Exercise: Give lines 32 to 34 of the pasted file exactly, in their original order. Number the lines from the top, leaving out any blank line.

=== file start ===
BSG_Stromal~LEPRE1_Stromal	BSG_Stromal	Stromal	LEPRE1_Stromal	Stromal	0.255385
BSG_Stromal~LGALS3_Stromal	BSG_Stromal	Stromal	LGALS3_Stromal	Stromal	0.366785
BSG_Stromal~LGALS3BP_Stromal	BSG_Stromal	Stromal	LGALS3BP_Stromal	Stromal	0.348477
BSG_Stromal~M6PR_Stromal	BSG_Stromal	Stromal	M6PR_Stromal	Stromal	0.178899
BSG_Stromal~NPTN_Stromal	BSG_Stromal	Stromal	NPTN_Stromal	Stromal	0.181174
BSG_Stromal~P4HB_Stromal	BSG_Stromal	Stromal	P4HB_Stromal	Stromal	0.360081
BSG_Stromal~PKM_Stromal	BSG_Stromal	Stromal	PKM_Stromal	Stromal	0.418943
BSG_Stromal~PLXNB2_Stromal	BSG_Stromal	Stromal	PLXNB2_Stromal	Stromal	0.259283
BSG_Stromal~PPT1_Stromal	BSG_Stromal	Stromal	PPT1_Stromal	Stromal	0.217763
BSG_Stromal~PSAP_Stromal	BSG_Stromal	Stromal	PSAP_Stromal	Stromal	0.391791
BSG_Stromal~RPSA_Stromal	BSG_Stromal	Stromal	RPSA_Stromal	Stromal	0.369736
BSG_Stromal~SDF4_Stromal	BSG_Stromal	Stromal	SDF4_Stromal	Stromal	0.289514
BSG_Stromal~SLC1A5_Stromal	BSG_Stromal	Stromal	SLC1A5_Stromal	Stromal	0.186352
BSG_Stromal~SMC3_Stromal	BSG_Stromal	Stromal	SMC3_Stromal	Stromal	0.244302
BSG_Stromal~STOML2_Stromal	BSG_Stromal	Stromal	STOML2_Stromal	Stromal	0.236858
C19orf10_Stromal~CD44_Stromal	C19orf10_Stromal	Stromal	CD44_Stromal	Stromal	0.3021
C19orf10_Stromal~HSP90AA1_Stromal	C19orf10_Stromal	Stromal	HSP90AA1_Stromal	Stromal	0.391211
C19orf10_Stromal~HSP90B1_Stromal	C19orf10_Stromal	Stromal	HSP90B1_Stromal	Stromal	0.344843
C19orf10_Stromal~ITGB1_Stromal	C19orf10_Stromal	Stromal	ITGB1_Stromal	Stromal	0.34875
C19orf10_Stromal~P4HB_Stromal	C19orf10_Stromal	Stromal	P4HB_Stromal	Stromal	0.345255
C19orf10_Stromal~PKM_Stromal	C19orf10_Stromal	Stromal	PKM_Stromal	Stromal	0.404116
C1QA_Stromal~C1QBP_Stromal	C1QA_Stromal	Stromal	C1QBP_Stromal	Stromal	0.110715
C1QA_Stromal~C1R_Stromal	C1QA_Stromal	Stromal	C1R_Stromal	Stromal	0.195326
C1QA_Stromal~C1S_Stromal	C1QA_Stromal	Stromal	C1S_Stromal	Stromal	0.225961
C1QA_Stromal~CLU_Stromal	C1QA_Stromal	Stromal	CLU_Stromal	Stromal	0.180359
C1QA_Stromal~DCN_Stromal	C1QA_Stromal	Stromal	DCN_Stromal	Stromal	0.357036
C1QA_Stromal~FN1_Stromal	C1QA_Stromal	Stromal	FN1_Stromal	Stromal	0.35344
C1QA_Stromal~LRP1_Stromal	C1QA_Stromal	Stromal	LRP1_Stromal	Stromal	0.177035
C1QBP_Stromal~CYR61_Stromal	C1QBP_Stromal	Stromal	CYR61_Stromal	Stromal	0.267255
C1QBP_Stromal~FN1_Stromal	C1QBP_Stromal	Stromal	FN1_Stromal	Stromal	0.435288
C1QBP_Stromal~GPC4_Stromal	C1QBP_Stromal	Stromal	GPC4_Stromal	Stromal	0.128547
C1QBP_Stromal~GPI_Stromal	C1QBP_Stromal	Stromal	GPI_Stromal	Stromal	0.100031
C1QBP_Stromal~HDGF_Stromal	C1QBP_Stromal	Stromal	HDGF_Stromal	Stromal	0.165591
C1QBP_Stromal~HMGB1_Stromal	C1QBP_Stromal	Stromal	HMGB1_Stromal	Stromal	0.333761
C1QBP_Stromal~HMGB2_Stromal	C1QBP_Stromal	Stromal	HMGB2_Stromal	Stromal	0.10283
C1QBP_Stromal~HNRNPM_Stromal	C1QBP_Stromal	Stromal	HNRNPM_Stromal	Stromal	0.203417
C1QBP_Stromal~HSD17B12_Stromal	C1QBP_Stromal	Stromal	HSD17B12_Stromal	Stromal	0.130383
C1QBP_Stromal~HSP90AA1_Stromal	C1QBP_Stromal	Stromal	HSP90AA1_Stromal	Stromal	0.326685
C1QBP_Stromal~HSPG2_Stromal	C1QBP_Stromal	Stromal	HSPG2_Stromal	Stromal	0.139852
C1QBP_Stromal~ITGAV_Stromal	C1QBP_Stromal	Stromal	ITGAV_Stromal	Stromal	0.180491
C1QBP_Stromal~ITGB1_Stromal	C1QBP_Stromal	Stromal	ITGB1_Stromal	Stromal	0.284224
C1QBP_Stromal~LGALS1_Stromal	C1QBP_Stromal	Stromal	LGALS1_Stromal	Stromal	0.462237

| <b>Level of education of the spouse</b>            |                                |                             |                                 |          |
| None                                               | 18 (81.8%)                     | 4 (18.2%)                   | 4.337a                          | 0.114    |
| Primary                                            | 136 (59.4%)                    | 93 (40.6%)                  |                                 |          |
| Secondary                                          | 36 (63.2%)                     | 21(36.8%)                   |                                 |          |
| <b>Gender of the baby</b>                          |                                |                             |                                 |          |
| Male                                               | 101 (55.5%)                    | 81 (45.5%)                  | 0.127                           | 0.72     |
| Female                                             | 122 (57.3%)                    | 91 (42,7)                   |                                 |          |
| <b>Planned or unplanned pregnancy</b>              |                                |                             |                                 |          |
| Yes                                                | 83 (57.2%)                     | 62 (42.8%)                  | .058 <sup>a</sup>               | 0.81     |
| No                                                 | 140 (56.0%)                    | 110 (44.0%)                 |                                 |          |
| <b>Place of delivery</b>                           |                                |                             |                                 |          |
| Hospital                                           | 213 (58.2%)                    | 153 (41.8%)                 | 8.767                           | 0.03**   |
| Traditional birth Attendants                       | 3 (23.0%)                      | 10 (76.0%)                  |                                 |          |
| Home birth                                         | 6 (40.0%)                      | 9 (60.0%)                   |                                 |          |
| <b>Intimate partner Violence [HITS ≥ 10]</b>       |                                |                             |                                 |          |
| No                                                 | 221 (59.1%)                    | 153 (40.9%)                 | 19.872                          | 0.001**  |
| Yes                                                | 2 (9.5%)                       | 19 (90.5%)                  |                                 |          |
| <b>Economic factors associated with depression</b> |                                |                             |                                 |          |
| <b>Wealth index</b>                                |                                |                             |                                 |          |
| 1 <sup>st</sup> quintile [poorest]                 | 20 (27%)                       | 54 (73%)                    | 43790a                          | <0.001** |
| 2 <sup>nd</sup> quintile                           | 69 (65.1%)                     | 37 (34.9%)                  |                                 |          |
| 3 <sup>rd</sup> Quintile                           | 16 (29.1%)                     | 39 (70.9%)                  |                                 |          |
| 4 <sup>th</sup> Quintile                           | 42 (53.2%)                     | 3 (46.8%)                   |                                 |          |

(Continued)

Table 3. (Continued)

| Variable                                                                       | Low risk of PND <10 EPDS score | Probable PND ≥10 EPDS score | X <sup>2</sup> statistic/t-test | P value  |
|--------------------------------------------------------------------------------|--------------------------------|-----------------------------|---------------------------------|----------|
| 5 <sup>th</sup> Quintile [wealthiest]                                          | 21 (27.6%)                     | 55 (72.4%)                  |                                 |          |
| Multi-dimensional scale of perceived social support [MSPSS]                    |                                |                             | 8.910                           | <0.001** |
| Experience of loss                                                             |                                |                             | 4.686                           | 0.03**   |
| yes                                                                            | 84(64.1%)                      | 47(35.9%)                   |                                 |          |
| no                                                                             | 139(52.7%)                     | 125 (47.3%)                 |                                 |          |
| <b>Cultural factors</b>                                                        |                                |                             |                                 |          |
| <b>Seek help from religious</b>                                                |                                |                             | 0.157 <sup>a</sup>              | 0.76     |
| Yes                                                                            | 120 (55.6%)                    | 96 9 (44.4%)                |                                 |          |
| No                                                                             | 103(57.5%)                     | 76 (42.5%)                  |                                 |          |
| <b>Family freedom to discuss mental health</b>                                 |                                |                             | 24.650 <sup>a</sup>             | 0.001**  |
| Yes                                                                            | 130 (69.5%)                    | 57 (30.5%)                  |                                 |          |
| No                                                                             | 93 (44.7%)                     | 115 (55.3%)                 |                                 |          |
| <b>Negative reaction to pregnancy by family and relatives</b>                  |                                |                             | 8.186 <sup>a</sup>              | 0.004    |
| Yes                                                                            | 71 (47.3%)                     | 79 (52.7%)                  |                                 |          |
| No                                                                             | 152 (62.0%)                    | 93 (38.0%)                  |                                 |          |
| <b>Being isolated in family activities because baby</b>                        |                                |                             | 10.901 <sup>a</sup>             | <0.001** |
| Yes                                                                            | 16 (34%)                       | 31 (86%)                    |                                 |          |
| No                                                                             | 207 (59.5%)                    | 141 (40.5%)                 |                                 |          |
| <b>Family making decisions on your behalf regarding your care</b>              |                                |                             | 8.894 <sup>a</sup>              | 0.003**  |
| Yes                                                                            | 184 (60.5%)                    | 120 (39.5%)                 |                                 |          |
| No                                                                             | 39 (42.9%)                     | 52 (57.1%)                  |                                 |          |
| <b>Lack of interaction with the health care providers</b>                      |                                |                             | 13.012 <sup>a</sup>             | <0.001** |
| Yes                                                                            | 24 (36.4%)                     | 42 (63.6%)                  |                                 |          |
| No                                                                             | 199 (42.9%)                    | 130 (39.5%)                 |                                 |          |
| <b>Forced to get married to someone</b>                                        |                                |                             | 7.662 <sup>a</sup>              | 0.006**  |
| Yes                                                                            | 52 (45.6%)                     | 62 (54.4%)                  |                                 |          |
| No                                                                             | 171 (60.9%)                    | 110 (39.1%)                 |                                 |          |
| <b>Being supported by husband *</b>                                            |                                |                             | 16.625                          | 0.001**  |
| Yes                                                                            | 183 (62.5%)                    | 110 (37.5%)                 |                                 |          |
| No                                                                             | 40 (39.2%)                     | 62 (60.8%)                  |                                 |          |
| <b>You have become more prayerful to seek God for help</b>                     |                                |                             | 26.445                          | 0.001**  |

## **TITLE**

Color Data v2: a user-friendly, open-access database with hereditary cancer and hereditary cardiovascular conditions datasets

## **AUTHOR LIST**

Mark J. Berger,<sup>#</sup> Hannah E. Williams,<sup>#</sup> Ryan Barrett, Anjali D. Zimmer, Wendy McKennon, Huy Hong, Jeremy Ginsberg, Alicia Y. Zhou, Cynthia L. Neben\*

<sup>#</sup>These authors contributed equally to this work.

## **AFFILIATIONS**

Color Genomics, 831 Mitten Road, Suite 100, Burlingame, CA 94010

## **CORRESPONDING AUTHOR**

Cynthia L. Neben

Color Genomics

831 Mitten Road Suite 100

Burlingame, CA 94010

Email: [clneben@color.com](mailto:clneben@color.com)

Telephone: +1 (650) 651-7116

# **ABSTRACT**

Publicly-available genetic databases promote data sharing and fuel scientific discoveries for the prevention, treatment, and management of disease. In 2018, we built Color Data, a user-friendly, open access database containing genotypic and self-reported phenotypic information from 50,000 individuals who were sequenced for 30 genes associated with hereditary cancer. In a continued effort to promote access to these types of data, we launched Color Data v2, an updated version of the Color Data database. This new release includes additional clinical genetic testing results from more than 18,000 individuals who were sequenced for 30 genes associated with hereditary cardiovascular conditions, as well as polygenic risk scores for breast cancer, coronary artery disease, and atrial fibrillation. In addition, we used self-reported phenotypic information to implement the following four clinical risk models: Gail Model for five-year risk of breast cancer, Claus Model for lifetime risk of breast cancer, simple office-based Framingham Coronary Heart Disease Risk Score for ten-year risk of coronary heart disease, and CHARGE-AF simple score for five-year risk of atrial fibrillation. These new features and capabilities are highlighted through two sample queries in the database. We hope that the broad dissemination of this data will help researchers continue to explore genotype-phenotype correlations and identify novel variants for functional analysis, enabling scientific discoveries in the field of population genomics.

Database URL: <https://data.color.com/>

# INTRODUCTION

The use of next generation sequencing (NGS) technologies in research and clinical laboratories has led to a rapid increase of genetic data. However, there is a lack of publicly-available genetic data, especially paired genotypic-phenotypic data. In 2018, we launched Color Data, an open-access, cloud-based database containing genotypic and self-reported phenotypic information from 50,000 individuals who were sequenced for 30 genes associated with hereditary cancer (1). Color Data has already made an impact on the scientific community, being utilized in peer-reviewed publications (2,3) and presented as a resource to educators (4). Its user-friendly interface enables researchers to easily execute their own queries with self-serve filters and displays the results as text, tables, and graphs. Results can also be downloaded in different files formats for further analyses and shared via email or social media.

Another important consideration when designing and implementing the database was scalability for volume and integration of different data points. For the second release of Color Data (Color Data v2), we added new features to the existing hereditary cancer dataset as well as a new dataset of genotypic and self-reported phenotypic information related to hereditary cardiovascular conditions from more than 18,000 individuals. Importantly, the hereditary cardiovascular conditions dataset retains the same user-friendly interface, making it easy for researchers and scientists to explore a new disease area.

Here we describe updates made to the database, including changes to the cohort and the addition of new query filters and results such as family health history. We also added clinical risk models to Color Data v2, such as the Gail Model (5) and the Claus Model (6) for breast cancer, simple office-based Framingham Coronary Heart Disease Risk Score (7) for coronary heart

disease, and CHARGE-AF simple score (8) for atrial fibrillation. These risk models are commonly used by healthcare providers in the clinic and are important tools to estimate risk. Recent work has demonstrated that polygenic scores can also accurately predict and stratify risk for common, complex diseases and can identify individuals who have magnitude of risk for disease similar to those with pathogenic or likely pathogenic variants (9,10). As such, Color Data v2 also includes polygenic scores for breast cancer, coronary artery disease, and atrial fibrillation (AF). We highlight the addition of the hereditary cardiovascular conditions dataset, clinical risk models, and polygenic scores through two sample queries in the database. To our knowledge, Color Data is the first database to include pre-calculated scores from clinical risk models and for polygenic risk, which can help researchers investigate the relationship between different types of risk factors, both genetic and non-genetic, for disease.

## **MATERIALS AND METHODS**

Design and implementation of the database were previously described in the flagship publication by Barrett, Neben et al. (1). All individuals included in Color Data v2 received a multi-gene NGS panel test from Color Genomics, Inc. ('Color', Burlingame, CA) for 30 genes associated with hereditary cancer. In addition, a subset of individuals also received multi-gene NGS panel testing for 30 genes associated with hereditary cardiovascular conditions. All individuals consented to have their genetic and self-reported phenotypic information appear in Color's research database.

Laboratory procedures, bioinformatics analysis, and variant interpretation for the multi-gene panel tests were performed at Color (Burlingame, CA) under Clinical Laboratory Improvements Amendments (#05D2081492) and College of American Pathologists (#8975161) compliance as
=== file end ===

C1QBP_Stromal~GPI_Stromal	C1QBP_Stromal	Stromal	GPI_Stromal	Stromal	0.100031
C1QBP_Stromal~HDGF_Stromal	C1QBP_Stromal	Stromal	HDGF_Stromal	Stromal	0.165591
C1QBP_Stromal~HMGB1_Stromal	C1QBP_Stromal	Stromal	HMGB1_Stromal	Stromal	0.333761